- Routine and ad hoc product reviews: include samples that are sent directly from the partner, but also store buy-backs of finished goods
- Plant visits: these could be initial or trial production runs, initial or annual audits, or just regular visits to help build the relationship
- Regular/routine meetings: communication and collaboration are key to building a strong, lasting partnership
- Scorecards: look at various measurable Key Performance Indicators (KPIs) to determine and communicate performance – cost, delivery, specification compliance, audit results, complaints, response time, right first time rates, recalls, and so on.
- Change management processes: ensure that you have a documented, controlled process to manage any changes that might occur – such as a change in ingredients; supplier; processor ; or equipment.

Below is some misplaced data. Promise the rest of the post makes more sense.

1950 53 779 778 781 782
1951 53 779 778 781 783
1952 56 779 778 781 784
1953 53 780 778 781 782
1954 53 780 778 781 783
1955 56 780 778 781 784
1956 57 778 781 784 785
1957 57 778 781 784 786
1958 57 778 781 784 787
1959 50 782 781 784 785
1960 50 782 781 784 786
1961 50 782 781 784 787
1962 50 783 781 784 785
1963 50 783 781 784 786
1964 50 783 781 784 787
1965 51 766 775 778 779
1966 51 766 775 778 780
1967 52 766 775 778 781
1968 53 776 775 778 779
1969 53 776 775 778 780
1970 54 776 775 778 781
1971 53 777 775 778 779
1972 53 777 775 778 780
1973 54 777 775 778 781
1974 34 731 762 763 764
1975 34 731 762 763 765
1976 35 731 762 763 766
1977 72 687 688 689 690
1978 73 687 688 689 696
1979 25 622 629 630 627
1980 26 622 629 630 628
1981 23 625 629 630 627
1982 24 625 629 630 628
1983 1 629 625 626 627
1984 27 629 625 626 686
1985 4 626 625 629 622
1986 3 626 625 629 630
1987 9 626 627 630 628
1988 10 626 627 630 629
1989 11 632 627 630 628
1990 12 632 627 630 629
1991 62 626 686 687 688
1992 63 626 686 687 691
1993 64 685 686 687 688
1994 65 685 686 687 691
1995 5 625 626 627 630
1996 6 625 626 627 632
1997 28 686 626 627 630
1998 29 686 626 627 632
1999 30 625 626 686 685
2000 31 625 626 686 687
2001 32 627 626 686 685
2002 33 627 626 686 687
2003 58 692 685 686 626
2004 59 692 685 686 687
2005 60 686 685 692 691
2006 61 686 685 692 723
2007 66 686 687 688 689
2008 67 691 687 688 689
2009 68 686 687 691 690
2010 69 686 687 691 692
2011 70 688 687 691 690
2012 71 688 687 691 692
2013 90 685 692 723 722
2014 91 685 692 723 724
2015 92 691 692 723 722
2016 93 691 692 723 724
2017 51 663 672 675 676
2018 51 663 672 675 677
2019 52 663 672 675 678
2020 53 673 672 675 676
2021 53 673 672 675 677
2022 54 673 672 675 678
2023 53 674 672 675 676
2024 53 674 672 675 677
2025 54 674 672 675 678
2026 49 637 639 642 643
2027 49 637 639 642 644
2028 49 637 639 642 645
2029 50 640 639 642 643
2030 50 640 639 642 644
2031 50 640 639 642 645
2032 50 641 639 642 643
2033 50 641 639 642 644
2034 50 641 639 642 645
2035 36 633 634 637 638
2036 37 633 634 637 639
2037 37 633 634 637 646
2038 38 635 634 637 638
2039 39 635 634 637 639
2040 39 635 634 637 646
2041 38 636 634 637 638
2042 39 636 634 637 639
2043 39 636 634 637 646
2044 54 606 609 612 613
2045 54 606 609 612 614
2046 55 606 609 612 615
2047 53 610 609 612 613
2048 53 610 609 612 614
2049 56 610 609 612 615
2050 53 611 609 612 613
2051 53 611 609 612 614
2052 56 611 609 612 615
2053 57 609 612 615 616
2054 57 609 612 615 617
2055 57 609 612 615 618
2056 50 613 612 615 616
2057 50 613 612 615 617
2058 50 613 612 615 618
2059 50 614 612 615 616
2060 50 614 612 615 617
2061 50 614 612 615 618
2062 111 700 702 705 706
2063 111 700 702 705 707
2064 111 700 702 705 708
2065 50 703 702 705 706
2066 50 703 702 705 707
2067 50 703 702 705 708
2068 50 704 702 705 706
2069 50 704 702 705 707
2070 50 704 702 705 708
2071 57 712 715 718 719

A collaborative approach to food safety is key
Our supply chains are only going to continue to grow and become more diverse and complex. As an industry we will need to work together closely to ensure that we are identifying and addressing all the different risks involved in producing safe, wholesome, high quality food.
Food safety is not a competitive advantage and we all have the responsibility to pool our knowledge and resources to combat the risks. The ENG Global Food Safety 2015 conference was an excellent step in that direction.